The Government of Pakistan remains committed to the cause of women empowerment. This is reflected in the medium and long term strategic vision documents, the pro-women laws enacted, and the policies of various institutions and ministries to mainstream gender into their planning and service delivery. The Pakistan Vision 2025, which aligns with the United Nations Sustainable Development Cooperation Framework (UNSDCF) 2023-2027 for Pakistan, also prioritizes basic rights and gender equality as central tenants of the country’s development agenda, focusing on the need for gender responsive planning, engagement of vulnerable and marginalized groups, and increased reporting of violence against women (VAW) and related cases. In its first National Security Policy (2022-2026), the Government of Pakistan recognizes ‘gender security’ as a key pillar and aims to “ensure integration of gender equity into national security narratives through full and meaningful participation of women in decision-making, law enforcement, the justice sector, and peacekeeping.”
The peace and security landscape in Pakistan also exacerbates issues for women, and stems from regional instability as well as growing divisions between communities on the basis of religious, sectarian and ethnic lines. Ethnicity is deeply rooted in communal, historical, and political backgrounds and is visible where clusters of people are contiguous and interact regularly. Pakistan is not a signatory to the UNSCR 1325 Women, Peace and Security (WPS) Agenda or its complementary Youth Peace and Security (YPS), but has voiced its commitment to the framework that views women and youth as the cornerstone of peacebuilding. The country remains one of the sixth largest contributors to UN peacekeeping, including female engagement teams and troop contribution. Challenges remain in translating Pakistan’s commitments into actions, as the peace and security domain remains securitized. From a regional perspective, the takeover of Afghanistan by the Taliban in August 2021 resulted in increasing refugees and asylum-seekers (mostly women, children and adolescents) in the border areas of Pakistan, making it the third-largest host country of refugees in the world.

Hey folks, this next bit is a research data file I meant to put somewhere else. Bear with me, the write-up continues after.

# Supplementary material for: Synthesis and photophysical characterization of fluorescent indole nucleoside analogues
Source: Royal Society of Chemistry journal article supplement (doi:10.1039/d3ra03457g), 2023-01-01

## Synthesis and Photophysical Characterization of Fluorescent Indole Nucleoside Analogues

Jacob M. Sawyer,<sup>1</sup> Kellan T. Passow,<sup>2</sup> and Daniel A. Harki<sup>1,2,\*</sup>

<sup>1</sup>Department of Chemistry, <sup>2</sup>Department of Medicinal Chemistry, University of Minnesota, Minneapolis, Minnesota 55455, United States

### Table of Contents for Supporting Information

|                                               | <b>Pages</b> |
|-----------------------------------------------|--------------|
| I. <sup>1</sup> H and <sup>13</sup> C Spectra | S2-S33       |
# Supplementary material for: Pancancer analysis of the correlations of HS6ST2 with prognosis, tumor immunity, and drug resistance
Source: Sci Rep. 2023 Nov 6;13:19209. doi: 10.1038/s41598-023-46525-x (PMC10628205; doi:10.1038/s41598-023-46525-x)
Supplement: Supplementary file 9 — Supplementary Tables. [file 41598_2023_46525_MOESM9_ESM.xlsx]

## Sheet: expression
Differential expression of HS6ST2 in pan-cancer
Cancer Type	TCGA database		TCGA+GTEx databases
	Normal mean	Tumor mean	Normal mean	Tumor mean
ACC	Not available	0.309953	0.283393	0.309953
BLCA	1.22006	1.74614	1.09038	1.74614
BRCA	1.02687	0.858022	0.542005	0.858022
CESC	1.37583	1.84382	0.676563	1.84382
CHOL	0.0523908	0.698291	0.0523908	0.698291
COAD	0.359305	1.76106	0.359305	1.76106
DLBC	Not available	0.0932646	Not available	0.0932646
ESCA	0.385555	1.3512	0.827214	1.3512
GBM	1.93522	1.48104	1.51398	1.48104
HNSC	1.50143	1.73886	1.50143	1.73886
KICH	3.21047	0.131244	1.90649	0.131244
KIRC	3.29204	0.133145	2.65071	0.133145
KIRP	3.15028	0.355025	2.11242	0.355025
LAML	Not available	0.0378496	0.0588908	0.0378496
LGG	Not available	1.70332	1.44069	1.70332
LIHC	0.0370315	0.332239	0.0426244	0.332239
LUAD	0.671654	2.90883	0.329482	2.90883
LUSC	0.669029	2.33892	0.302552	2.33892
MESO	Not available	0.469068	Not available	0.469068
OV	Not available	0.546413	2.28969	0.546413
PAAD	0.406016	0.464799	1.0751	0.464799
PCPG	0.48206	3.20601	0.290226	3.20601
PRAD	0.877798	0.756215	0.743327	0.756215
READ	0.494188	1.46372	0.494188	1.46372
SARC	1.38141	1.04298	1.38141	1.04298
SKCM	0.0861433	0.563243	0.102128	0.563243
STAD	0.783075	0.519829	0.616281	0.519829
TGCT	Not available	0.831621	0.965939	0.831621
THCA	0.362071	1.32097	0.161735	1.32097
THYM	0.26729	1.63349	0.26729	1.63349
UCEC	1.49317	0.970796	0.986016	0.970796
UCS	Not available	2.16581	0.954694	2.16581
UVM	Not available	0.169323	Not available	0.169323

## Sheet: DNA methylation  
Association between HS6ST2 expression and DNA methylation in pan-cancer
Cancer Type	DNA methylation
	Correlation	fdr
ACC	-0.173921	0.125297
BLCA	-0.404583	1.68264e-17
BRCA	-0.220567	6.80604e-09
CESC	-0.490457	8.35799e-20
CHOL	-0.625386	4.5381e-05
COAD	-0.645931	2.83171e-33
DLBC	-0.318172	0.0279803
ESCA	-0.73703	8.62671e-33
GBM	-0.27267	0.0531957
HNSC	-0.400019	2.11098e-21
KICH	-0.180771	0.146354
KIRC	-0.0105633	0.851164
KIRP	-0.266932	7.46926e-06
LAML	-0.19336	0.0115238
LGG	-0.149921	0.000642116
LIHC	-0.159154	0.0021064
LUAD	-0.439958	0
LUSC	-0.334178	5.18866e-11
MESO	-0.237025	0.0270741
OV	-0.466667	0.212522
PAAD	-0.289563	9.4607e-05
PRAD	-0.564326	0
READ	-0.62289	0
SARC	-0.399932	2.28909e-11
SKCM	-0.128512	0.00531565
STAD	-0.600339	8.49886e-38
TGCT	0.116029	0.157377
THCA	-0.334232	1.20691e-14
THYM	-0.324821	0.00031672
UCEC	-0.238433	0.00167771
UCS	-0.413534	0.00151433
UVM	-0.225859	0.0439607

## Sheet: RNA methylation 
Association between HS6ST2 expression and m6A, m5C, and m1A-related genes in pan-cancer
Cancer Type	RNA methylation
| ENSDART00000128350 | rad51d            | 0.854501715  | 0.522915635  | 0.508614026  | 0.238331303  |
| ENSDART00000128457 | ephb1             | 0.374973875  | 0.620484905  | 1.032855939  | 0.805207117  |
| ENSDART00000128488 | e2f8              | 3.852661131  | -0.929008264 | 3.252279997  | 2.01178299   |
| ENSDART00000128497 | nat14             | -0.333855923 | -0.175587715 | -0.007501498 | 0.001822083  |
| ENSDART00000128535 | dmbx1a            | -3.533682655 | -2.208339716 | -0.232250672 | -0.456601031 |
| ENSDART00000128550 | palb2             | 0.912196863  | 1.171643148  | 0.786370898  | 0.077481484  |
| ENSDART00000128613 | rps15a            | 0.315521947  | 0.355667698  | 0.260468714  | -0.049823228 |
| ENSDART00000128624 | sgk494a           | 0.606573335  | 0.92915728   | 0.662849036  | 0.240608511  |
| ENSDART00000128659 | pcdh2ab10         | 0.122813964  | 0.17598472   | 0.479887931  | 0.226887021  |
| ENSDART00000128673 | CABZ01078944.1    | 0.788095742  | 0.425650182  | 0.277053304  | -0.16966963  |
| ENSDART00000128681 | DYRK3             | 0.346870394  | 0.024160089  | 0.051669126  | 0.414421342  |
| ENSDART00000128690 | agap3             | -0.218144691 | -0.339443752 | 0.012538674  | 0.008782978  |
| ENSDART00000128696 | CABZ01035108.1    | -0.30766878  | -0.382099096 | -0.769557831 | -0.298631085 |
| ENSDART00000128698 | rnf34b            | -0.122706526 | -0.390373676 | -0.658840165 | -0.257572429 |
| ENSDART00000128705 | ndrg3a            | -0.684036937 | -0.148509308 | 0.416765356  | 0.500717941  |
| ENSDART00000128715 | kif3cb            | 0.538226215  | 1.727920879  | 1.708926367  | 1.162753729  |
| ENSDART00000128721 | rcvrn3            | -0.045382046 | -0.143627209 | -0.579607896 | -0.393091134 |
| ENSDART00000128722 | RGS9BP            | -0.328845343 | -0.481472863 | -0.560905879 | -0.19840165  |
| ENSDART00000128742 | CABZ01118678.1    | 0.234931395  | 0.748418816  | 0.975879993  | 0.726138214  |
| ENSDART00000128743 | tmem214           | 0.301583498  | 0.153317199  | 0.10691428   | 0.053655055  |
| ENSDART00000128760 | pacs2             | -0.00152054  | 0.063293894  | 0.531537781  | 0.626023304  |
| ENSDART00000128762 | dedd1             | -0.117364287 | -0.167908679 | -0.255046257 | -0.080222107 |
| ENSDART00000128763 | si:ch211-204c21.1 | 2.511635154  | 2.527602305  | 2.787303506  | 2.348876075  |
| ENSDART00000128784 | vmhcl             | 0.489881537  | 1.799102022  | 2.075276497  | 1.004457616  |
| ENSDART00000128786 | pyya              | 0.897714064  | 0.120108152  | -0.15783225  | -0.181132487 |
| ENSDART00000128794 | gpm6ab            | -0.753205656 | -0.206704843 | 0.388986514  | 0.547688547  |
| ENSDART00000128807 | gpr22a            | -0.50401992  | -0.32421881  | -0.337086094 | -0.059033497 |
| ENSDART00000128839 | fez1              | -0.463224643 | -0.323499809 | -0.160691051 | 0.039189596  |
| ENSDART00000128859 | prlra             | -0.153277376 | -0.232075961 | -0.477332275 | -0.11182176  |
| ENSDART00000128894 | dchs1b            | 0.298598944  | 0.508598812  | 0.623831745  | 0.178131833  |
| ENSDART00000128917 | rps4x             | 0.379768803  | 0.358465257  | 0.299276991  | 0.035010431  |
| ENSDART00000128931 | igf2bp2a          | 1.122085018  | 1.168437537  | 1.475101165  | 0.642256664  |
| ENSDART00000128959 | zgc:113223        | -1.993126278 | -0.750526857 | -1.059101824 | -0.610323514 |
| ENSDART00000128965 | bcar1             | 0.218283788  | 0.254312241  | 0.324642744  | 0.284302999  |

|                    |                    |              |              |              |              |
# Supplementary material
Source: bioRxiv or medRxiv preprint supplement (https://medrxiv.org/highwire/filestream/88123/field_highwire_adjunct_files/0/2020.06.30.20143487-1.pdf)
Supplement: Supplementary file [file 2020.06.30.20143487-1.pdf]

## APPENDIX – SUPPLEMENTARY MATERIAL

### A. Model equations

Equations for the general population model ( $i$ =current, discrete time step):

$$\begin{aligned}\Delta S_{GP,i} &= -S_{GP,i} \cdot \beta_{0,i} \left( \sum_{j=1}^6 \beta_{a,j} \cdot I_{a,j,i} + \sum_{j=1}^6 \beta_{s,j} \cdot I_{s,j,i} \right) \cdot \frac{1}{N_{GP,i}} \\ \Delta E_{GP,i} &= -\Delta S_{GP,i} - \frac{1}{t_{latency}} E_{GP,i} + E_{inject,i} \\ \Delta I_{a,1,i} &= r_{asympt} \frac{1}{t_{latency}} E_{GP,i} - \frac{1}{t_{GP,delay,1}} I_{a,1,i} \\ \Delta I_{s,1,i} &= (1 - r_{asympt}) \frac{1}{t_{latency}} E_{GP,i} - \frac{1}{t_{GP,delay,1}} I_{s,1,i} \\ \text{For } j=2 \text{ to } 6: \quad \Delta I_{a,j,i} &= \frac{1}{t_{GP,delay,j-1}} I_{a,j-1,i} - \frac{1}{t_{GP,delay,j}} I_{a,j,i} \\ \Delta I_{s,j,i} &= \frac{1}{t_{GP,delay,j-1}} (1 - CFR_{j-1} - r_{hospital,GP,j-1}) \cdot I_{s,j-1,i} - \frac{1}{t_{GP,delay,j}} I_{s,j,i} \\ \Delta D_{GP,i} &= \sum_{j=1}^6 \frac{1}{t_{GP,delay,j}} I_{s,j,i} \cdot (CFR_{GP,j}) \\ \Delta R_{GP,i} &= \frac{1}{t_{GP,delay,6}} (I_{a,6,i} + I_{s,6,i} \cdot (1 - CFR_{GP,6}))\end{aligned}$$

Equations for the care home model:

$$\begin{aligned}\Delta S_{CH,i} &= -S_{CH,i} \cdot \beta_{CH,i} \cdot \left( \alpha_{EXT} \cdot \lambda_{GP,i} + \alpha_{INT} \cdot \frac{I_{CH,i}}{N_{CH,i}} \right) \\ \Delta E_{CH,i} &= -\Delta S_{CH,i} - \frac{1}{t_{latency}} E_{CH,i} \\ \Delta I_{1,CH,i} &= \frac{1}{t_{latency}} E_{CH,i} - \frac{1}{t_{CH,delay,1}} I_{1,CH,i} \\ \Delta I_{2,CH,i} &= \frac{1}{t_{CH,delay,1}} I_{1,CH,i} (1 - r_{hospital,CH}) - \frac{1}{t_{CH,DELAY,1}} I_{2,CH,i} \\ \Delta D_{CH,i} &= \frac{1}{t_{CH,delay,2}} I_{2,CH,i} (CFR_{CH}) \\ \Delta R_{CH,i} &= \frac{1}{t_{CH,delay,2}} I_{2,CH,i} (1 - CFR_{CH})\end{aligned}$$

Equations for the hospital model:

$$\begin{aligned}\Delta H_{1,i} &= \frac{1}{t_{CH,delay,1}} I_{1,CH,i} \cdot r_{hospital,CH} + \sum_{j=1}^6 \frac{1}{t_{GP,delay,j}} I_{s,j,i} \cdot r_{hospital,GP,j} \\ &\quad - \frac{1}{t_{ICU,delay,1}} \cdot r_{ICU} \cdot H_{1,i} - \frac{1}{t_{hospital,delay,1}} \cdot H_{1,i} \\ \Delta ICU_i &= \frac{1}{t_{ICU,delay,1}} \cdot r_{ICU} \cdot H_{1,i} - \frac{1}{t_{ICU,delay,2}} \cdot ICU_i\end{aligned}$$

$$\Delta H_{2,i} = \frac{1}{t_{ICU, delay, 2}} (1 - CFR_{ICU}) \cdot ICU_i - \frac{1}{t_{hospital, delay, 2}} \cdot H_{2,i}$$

Pakistani communities, especially women, are becoming more vulnerable to disaster-driven displacement. Gender-sensitive resilience measures and relief policies must become part of the national discourse. In Pakistan, climate migration has become a growing reality. Pakistan alone is expected to have around 2 million climate migrants by 2050, not including those who will be displaced due to the sudden onset of climate disasters, such as floods and cyclones.
 This includes the Universal Declaration of Human Rights, Beijing Platform for Action, the Convention on the Elimination of all forms of Discrimination Against Women (CEDAW), and the Sustainable Development Goal Agenda of 2030.
 Labour Force Survey 2017-18, Government of Pakistan
 UNHCR estimates that more than 70,000 Afghan refugees are Persons with Specific Needs (PWSN) and face additional challenges (children at risk, women at risk, single parents, older persons at risk, persons with serious medical conditions)